[7] In 2001, the Workplace Relations Amendment (Termination of Employment) Act 2001 (Cth) (WR Termination Amendment Act) amended the WR Act, 11 including by inserting, for the first time, a provision (s 170CD(1B)) concerning demotions in employment:

“(1B)

For the purposes of this Division, termination or termination of employment does not include demotion in employment if:

(a)

the demotion does not involve a significant reduction in the remuneration or duties of the demoted employee; and

(b)

the demoted employee remains employed with the employer who effected the demotion.”

[8] The Second Reading Speech made by the Honourable Mr Peter Reith, Minister for Employment, Workplace Relations and Small Business, on 27 June 2000, gives insight into the object of the demotion provisions in the Workplace Relations Amendment (Termination of Employment) Bill 2000:

“Establishing certainty in jurisdiction

Two other amendments in the bill aimed at ensuring certainty in jurisdiction will make it clear, firstly, that independent contractors do not have a remedy for termination of employment, consistent with the original intent of the Workplace Relations Act, and, secondly, that the demotion of an employee does not constitute termination of employment where that demotion does not result in a significant reduction in remuneration and the employee continues to work for that employer.”

[9] The Explanatory Memorandum to the Workplace Relations Amendment (Termination of Employment) Bill 2000 includes the following relevant material:

“OUTLINE

This Act will amend the Workplace Relations Act 1996 (the WR Act) to:

  • Preclude an employee who has been demoted in his or her employment from seeking relief in respect of termination of employment where the demotion does not result in a significant reduction in remuneration and the employee continues employment with the employer who effected the demotion;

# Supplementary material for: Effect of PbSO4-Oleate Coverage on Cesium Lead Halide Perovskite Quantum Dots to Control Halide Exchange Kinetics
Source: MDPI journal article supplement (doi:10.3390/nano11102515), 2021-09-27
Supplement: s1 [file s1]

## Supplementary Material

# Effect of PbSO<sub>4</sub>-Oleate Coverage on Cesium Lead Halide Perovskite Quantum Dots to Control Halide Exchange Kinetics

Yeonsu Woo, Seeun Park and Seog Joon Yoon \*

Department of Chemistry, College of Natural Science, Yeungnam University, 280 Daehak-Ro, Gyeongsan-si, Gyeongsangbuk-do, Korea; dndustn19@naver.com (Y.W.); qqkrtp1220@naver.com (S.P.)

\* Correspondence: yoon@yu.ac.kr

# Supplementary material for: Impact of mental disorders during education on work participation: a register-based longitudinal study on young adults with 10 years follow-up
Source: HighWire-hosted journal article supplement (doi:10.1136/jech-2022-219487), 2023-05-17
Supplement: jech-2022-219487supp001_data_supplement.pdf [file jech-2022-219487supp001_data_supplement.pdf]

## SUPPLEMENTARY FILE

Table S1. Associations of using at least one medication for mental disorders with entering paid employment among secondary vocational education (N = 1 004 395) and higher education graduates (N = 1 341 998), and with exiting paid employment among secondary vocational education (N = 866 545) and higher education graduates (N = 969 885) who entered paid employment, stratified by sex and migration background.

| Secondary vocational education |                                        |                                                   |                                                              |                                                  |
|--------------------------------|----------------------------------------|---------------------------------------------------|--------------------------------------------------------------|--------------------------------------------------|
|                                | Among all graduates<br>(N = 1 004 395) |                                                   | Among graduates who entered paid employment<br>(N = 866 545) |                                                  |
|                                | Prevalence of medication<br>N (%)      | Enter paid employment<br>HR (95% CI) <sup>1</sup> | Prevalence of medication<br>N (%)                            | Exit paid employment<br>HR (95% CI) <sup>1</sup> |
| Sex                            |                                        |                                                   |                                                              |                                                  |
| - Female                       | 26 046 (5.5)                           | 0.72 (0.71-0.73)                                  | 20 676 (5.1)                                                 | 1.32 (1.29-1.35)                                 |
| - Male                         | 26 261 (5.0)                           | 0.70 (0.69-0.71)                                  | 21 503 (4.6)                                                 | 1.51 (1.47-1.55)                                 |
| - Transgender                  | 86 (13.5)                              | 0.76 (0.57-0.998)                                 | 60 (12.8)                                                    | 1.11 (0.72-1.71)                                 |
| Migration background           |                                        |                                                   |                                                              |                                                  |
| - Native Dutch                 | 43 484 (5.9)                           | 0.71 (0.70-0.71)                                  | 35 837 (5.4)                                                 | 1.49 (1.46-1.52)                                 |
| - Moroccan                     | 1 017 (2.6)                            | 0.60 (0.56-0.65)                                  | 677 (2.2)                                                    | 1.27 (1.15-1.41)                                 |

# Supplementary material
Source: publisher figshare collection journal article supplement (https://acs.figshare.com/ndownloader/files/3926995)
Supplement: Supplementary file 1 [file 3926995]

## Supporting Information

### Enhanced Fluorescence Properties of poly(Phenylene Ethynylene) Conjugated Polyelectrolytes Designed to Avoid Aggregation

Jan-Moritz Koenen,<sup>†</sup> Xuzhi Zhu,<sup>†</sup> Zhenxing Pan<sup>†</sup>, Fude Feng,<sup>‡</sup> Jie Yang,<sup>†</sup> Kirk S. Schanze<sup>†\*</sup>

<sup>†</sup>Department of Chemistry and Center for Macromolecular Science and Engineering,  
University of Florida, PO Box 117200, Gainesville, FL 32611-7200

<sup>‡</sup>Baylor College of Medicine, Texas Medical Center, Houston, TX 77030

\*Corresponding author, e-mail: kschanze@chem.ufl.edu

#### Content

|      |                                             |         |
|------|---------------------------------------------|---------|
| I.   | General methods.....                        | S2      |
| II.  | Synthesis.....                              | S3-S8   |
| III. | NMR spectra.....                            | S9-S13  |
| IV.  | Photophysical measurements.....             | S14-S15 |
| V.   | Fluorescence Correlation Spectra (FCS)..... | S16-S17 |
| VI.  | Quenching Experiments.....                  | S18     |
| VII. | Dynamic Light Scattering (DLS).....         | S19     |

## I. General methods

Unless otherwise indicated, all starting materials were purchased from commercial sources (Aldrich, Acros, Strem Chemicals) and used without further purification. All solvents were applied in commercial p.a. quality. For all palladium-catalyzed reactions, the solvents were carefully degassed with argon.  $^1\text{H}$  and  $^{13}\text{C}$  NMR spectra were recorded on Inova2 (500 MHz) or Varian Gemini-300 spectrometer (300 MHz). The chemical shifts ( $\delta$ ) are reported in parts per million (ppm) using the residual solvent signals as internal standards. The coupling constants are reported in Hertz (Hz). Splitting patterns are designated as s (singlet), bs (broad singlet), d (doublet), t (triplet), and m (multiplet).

Item 9 – After subsection 170CD(1A)

  1. Item 9 proposes to insert new subsection 170CD(1B), which will provide that, for the purposes of the termination of employment provisions of the Act (Division 3 of Part VIA), the expressions ‘termination’, or ‘termination of employment’, do not include a demotion in employment if the demotion does not involve a significant reduction in the remuneration of the demoted employee, and the demoted employee remains employed with the employer who effected the demotion.”

[10] It is not clear whether Boo Hwa Chan prompted the amendment to s 170CD of the WR Act, 12 however, it is plain from the terms of s 170CD(1B) of the WR Act, together with the Second Reading Speech and the Explanatory Memorandum, that Parliament did not intend to exclude all demoted employees who remained employed after their demotion from accessing the unfair dismissal provisions of the statute. Had that been Parliament’s intention, s 170CD(1B) would simply have stated that “termination or termination of employment does not include demotion in employment if … the demoted employee remains employed with the employer who effected the demotion”.

[11] In 2003, section 170CD(2), which was part of Subdivision A of Division 3 of the WR Act, was amended by inserting the words “this Subdivision” as follows:

“(2) An expression used in this Subdivision or Subdivision C, D or E has the same meaning as in the Termination of Employment Convention.”

[12] In Charlton v Eastern Australia Airlines Pty Ltd (Charlton), 13 a Full Bench of the Australian Industrial Relations Commission considered the impact of the 2003 amendment to s 170CD(2) of the WR Act to cases involving a demotion. After considering part of the legislative history, the Full Bench in Charlton summarised (at [12]) the position as follows:

“…If the expressions ‘termination’ and ‘termination of employment’ have the same meaning as in the Termination of Employment Convention then they do not extend to a demotion where the employment relationship continues. If the construction of those expressions is unconstrained by the Convention then they refer to a termination of the contract of employment or a termination of the employment relationship and therefore extend to a demotion that involves a termination of a contract of employment even if the employment relationship continues pursuant to a new contract of employment.”

[13] In Charlton, the Full Bench agreed with the appellant’s submissions that: 14

  • “the form of s.170CD(1B) suggests that, in enacting s.170CD(1B), Parliament proceeded on the premise that a demotion where employment continues can amount to a “termination of employment” and then sought to exclude particular demotions from the scope of that expression;” [emphasis added] and
  • “if the respondent’s argument is correct then s.170CB(1B) is rendered otiose: it has no work to do because, by virtue of the decision in Brackenridge, the expressions “termination” and “termination of employment” will never include demotion in employment if those terms have the same meaning as in the Termination of Employment Convention.”

[14] The Full Bench in Charlton then reached the following conclusions in relation to s 170CD(2) of the WR Act and the meaning of the expression “termination of employment” in the context of a demotion: 15